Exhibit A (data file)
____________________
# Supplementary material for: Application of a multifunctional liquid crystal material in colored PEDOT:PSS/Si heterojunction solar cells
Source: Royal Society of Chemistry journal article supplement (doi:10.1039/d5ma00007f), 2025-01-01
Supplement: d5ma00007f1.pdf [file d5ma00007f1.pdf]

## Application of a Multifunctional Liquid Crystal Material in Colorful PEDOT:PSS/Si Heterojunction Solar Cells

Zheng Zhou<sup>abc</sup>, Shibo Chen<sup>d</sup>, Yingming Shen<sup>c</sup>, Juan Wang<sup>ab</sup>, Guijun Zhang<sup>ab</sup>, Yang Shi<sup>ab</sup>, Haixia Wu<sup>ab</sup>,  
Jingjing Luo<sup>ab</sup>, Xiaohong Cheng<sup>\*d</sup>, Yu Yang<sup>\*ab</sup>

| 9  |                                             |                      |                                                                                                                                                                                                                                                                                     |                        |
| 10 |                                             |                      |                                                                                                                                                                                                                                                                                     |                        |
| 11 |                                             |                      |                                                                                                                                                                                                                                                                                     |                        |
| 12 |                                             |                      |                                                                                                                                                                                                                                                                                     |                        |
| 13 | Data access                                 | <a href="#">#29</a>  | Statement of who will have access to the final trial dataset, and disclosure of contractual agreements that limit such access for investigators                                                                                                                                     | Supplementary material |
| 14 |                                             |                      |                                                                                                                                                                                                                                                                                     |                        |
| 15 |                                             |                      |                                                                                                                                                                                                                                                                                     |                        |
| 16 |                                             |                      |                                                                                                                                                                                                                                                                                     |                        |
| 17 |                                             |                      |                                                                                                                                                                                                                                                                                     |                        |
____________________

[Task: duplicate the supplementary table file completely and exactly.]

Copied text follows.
# Supplementary material for: Application of a multifunctional liquid crystal material in colored PEDOT:PSS/Si heterojunction solar cells
Source: Royal Society of Chemistry journal article supplement (doi:10.1039/d5ma00007f), 2025-01-01
Supplement: d5ma00007f1.pdf [file d5ma00007f1.pdf]

## Application of a Multifunctional Liquid Crystal Material in Colorful PEDOT:PSS/Si Heterojunction Solar Cells

Zheng Zhou<sup>abc</sup>, Shibo Chen<sup>d</sup>, Yingming Shen<sup>c</sup>, Juan Wang<sup>ab</sup>, Guijun Zhang<sup>ab</sup>, Yang Shi<sup>ab</sup>, Haixia Wu<sup>ab</sup>,  
Jingjing Luo<sup>ab</sup>, Xiaohong Cheng<sup>\*d</sup>, Yu Yang<sup>\*ab</sup>

| 9  |                                             |                      |                                                                                                                                                                                                                                                                                     |                        |
| 10 |                                             |                      |                                                                                                                                                                                                                                                                                     |                        |
| 11 |                                             |                      |                                                                                                                                                                                                                                                                                     |                        |
| 12 |                                             |                      |                                                                                                                                                                                                                                                                                     |                        |
| 13 | Data access                                 | <a href="#">#29</a>  | Statement of who will have access to the final trial dataset, and disclosure of contractual agreements that limit such access for investigators                                                                                                                                     | Supplementary material |
| 14 |                                             |                      |                                                                                                                                                                                                                                                                                     |                        |
| 15 |                                             |                      |                                                                                                                                                                                                                                                                                     |                        |
| 16 |                                             |                      |                                                                                                                                                                                                                                                                                     |                        |
| 17 |                                             |                      |                                                                                                                                                                                                                                                                                     |                        |